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The wilful disregard

It is an act that obstructs either House of Parliament in performing its functions, writes Kumkum Chadha.

india Updated: Dec 23, 2006 06:42 IST

Contempt of the House is a generic term of which breach of privilege is an important part. The former is defined as ‘any act of omission, which obstructs or impedes either House of Parliament in performing its functions or any member in discharging his duties’.

A breach of privilege, on the other hand, is a ‘wilful disregard of the power and privileges of Parliament either by a member or anyone else’. Simply put, it is an attempt to bring the House into ridicule.

Breach of privilege includes, to paraphrase Constitutional expert D.C. Jain, disregard of freedom of speech and proceedings in Parliament and indignities to proceedings in Parliament or to its members.

Contempt of the House can include speeches or writings that adversely reflect it, points out former Lok Sabha Secretary General S.C. Kashyap. Interestingly, bribing or intimidating an MP also constitutes contempt of the House.

In August 1985, Rajya Sabha member Ghulam Rasool Mattoo assaulted former MP Mohammad Shafi in the Central Hall. Balram Jakhar, then the Lok Sabha Speaker, ruled that Mattoo would have to express regret in the Upper House while his colleague in the Lok Sabha would apologise to the House on behalf of Mattoo and his party. While expressing his regret, Mattoo said he was provoked because Shafi had made derogatory remarks about him.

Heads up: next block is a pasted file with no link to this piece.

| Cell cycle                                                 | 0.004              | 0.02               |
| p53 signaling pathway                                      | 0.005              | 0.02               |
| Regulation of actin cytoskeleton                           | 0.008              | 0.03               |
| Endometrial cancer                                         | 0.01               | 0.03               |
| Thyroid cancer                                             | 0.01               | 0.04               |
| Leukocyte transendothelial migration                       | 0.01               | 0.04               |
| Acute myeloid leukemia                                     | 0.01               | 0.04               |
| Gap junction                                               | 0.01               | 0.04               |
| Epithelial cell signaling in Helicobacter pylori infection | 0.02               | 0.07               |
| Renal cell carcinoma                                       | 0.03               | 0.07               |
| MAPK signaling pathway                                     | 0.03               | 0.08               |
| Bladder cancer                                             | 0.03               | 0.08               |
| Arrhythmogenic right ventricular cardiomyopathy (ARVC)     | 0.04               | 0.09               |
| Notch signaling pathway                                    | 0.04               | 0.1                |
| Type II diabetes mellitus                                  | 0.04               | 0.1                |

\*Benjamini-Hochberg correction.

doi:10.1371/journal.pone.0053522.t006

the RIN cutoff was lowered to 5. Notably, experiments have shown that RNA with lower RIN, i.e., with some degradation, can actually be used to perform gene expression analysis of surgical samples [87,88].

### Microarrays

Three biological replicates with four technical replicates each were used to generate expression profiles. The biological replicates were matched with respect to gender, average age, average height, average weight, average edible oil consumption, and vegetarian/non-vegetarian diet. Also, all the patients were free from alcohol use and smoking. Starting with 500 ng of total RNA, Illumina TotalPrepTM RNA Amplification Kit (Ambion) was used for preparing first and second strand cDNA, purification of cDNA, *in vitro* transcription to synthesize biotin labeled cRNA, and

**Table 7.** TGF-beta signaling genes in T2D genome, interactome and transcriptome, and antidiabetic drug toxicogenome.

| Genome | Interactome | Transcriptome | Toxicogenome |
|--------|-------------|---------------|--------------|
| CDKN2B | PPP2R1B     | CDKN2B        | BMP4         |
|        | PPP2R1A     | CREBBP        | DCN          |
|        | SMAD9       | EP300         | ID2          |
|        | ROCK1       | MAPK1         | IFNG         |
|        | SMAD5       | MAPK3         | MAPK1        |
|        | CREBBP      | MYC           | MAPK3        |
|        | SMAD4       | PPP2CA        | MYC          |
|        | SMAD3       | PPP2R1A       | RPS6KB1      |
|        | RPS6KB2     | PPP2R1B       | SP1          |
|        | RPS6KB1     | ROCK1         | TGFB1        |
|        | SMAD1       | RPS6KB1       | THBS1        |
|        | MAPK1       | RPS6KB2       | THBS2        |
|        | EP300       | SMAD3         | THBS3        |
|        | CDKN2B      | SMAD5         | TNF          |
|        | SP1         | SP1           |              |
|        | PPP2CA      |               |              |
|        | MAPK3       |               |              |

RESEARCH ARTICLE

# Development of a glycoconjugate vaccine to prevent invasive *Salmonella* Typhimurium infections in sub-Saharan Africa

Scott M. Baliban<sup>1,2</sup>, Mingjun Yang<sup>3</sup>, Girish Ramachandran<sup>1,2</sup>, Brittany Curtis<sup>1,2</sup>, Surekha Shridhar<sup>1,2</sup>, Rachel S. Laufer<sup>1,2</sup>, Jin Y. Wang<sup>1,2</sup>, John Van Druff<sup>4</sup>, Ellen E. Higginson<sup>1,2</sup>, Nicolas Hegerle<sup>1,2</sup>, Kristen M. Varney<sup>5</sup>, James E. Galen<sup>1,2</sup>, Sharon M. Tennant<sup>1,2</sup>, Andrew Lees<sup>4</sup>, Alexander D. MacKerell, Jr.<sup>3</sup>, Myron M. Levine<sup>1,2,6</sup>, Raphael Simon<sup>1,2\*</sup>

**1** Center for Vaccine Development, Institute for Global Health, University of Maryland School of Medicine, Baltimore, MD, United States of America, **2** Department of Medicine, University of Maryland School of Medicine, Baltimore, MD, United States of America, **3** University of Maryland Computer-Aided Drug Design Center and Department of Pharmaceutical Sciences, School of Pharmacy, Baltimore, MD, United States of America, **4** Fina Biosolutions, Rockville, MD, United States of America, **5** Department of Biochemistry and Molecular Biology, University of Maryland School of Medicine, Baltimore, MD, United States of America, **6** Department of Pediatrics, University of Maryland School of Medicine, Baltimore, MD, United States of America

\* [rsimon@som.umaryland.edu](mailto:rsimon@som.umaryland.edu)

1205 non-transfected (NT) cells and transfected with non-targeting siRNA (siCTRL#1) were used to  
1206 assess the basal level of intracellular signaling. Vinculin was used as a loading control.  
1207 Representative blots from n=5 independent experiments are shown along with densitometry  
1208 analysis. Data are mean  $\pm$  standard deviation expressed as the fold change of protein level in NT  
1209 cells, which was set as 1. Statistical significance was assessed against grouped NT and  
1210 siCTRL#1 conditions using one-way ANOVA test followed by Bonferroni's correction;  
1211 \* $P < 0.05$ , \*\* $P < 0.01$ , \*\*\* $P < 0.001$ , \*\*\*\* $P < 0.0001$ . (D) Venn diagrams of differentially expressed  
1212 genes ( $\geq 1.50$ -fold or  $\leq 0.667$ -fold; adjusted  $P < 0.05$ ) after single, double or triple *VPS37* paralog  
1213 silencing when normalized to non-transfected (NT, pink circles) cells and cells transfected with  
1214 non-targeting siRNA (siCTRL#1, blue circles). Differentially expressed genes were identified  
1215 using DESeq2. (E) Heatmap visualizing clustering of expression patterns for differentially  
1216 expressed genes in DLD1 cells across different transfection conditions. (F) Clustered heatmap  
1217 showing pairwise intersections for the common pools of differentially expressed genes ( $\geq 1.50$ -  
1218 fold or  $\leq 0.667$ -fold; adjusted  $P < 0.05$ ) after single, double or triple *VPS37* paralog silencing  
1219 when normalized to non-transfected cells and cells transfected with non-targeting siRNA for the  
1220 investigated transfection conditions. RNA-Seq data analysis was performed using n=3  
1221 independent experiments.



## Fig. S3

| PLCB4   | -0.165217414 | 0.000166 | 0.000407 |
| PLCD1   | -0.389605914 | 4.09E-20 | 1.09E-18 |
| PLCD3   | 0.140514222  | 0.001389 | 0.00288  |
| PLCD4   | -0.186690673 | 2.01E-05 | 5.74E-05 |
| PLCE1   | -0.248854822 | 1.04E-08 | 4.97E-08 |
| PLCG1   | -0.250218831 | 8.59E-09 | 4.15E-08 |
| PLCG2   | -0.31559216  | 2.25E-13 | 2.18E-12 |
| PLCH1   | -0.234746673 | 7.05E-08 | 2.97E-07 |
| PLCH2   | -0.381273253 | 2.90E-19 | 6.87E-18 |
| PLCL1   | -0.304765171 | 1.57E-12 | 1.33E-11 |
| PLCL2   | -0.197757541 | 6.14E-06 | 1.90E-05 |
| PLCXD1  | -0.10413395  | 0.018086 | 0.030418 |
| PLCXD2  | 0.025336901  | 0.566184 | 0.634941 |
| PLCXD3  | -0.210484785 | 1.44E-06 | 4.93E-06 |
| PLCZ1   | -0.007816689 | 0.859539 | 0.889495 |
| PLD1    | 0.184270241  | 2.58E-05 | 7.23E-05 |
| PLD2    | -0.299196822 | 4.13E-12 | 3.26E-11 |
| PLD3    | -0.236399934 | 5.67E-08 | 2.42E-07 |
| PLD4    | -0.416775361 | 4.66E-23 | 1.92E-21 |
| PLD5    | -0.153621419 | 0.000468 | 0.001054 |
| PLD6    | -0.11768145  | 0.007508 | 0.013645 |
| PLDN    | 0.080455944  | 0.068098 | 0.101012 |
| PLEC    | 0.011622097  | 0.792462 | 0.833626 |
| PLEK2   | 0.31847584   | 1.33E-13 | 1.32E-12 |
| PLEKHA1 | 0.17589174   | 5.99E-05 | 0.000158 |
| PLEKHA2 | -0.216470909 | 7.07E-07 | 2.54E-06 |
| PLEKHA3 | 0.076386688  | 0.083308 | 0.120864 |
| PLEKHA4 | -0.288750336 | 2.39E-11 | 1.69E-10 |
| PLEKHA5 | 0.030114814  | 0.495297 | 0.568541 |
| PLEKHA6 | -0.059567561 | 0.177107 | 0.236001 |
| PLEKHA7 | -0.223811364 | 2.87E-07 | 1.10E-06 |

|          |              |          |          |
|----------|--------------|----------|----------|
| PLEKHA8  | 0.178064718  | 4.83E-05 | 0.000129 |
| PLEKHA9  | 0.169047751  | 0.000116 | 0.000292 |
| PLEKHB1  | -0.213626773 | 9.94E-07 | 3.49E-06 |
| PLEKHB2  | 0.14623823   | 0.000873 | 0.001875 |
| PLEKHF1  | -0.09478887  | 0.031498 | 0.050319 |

When English weekly Young India published an article calling the Assam Legislative Assembly ‘shameless’, the Privilege Committee held that the article was derogatory and constituted a breach of privilege. It recommended ‘proper punishment’ for the editor and also that the magazine be deprived of privileges accorded to it by the House.

A question of privilege was raised back in 1960 in the Andhra Pradesh Assembly. The first Indian governor general C. Rajagopalachari had reportedly said in a public meeting at Chandigarh that Congress legislators “are such whom any…first class magistrate would round up. They are those without any appreciable means of livelihood.” This was seen as ‘most unparliamentary’ and constituted a breach of privilege. The total strength of Congress legislators in the 301-member Andhra Pradesh Assembly was 232 and the Speaker ruled that there was a prima facie case of breach of privilege. But the Privilege Committee to which the matter was referred held that there was no breach because it could not be proved that Rajagopalachari had, in fact, made the statement attributed to him.

Any member can, with the consent of the Speaker, raise a breach of privilege issue or contempt by giving a notice to the secretary general. The Speaker is also empowered to refer suo moto any issue of privilege or contempt to the Privilege Committee.

Email Kumkum Chadha:  kumkum @hindustantimes.com